4. Bautista-Quach MA, Ake CD, Chen M, et al. Gastrointestinal lymphomas: Morphology, immunophenotype and molecular features. J Gastrointest Oncol 2012;3(3):209–25.
5. Olszewska-Szopa M, Wróbel T. Gastrointestinal non-Hodgkin lymphomas. Adv Clin Exp Med 2019;28(8):1119–24.
6. Dodd GD. Lymphoma of the hollow abdominal viscera. Radiol Clin North Am 1990;28:771–83.
7. Dawson IM, Cornes JS, Morson BC. Primary malignant lymphoid tumours of the intestinal tract. Report of 37 cases with a study of factors influencing prognosis. Br J Surg 1961;49:80–9.
8. Koch P, del Valle F, Berdel WE, et al. Primary gastrointestinal non-Hodgkin's lymphoma: I. Anatomic and histologic distribution, clinical features, and survival data of 371 patients registered in the German Multicenter Study GIT NHL 01/92. J Clin Oncol 2001;19:3861.
9. Jiang C, Gu L, Luo M, et al. Primary rectal lymphoma: A case report and literature review. Oncol Lett 2015;10(1):43–4.
10. Aull MJ, Buell JF, Peddi VR, et al. MALToma: A Helicobacter pylori
-associated malignancy in transplant patients: A report from the Israel Penn International Transplant Tumor Registry with a review of published literature. Transplantation 2003;75:225.
11. Smedby KE, Akerman M, Hildebrand H, et al. Malignant lymphomas in coeliac disease: Evidence of increased risks for lymphoma types other than enteropathy-type T cell lymphoma. Gut 2005;54:54.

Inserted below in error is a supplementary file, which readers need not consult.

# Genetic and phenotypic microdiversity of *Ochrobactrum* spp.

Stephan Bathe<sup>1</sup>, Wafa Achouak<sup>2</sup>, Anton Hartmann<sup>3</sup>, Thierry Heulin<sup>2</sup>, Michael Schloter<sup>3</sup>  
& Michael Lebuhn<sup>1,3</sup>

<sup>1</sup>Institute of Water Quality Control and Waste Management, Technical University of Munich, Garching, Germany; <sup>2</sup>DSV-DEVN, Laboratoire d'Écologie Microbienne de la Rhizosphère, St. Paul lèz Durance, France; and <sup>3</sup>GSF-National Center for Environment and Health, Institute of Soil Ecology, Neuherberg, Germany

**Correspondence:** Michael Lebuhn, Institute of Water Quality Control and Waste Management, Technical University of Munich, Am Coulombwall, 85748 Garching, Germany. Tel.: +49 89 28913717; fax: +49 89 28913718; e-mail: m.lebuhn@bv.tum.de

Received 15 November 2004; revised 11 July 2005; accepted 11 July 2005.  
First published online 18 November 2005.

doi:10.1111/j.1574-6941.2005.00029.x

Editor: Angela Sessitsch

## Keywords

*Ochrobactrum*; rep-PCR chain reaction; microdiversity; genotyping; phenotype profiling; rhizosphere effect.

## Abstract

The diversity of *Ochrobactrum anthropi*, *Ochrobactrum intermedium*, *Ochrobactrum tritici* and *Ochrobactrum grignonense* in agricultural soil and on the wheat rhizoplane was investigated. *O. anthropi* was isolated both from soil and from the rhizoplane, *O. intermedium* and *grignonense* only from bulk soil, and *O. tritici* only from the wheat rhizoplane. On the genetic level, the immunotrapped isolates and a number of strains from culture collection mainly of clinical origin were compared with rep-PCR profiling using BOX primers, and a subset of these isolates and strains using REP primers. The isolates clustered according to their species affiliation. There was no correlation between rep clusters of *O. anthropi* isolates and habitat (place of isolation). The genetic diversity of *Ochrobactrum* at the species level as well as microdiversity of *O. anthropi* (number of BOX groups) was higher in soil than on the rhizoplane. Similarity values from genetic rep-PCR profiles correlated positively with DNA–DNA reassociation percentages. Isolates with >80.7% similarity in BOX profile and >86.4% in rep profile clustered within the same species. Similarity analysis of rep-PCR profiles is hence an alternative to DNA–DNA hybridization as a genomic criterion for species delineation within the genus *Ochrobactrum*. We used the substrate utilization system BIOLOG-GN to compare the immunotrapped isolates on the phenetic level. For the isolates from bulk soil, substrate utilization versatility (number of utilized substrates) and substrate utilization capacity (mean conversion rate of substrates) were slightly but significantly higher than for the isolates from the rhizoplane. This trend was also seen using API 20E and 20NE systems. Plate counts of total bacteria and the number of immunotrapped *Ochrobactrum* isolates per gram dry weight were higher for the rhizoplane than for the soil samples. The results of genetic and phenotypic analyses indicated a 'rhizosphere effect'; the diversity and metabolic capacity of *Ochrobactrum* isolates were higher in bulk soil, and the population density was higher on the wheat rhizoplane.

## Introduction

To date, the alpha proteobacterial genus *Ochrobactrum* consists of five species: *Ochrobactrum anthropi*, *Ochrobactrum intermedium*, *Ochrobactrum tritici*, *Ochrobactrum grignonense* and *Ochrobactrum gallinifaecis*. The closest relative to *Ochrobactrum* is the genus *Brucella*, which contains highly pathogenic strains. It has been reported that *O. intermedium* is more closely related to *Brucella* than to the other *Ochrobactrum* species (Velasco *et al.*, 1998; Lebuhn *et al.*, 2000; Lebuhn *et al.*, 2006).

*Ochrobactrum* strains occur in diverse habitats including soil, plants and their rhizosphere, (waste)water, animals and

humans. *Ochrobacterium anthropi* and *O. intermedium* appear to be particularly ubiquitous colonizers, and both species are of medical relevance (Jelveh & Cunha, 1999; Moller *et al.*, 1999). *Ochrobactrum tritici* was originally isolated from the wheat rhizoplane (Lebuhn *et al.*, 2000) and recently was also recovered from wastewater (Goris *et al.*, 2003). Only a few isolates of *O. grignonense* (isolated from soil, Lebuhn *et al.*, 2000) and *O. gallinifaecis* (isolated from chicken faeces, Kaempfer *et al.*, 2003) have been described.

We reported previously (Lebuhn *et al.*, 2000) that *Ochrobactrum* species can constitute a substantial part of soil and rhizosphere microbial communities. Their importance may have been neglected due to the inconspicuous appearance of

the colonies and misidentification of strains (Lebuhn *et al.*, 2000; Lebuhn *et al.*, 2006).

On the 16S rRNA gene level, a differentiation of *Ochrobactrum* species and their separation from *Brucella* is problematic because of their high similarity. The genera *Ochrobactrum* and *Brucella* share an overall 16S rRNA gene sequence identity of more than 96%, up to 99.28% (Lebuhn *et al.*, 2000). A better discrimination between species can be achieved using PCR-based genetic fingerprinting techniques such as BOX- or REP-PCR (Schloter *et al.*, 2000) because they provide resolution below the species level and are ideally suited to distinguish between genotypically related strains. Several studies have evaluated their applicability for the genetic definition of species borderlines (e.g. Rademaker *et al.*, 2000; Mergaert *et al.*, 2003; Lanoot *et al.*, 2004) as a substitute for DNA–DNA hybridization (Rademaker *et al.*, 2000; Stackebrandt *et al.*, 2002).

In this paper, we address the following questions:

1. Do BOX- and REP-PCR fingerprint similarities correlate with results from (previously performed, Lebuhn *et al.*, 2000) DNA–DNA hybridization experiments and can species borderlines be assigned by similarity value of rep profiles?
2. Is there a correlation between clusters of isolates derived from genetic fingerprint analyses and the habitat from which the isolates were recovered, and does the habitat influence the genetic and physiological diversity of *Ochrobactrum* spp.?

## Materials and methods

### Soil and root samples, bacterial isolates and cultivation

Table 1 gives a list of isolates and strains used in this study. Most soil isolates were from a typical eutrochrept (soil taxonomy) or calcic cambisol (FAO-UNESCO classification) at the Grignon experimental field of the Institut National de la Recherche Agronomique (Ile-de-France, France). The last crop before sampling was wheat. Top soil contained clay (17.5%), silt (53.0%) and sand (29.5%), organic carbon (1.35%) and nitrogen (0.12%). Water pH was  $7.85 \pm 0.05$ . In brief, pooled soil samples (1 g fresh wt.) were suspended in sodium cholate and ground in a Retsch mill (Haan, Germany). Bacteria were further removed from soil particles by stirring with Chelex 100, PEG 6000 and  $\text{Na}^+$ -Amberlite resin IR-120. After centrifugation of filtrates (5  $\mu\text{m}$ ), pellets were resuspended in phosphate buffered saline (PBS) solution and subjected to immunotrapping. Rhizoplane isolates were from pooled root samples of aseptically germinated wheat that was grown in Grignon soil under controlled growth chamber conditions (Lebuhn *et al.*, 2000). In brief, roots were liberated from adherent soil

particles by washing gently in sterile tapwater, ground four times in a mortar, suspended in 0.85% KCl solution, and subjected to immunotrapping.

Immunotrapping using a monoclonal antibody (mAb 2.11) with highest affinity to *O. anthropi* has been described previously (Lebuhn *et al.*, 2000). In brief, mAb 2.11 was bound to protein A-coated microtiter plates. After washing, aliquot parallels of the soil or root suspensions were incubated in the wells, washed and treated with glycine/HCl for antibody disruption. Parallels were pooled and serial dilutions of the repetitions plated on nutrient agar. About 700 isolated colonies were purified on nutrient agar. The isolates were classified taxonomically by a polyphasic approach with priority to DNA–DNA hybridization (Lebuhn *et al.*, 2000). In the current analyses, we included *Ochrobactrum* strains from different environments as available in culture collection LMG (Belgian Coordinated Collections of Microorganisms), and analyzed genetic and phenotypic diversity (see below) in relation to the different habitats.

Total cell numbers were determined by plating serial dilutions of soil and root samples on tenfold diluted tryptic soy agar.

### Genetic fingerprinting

12. Herrinton LJ, Liu L, Levin TR, et al. Incidence and mortality of colorectal adenocarcinoma in persons with inflammatory bowel disease from 1998 to 2010. Gastroenterology 2012;143:382–9.
13. Sokol H, Beaugerie L, Maynadié M, et al. Excess primary intestinal lymphoproliferative disorders in patients with inflammatory bowel disease. Inflamm Bowel Dis 2012;18:2063–71.
14. Palli D, Trallori G, Bagnoli S, et al. Hodgkin's disease risk is increased in patients with ulcerative colitis. Gastroenterology 2000;119:647.
15. Wong NA, Herbst H, Herrmann K, et al. Epstein-Barr virus infection in colorectal neoplasms associated with inflammatory bowel disease: Detection of the virus in lymphomas but not in adenocarcinomas. J Pathol 2003;201(2):312–8.
16. Kotlyar DS, Lewis JD, Beaugerie L, et al. Risk of lymphoma in patients with inflammatory bowel disease treated with azathioprine and 6-mercaptopurine: A meta-analysis. Clin Gastroenterol Hepatol 2015;13(5):847–58.e4.
17. Mariette X, Cazals-Hatem D, Warszawki J, et al. Lymphomas in rheumatoid arthritis patients treated with methotrexate: A 3-year prospective study in France. Blood 2002;99:3909–15.
18. Siegel CA, Marden SM, Persing SM, et al. Risk of lymphoma associated with combination anti-tumor necrosis factor and immunomodulator therapy for the treatment of Crohn's disease: A meta-analysis. Clin Gastroenterol Hepatol 2009;7:874–81.
19. Loftus EV Jr, Sandborn WJ. Lymphoma risk in inflammatory bowel disease: Influences of referral bias and therapy. Gastroenterology 2001;121:1239.
20. Lewis JD, Bilker WB, Brensinger C, et al. Inflammatory bowel disease is not associated with an increased risk of lymphoma. Gastroenterology 2001;121:1080.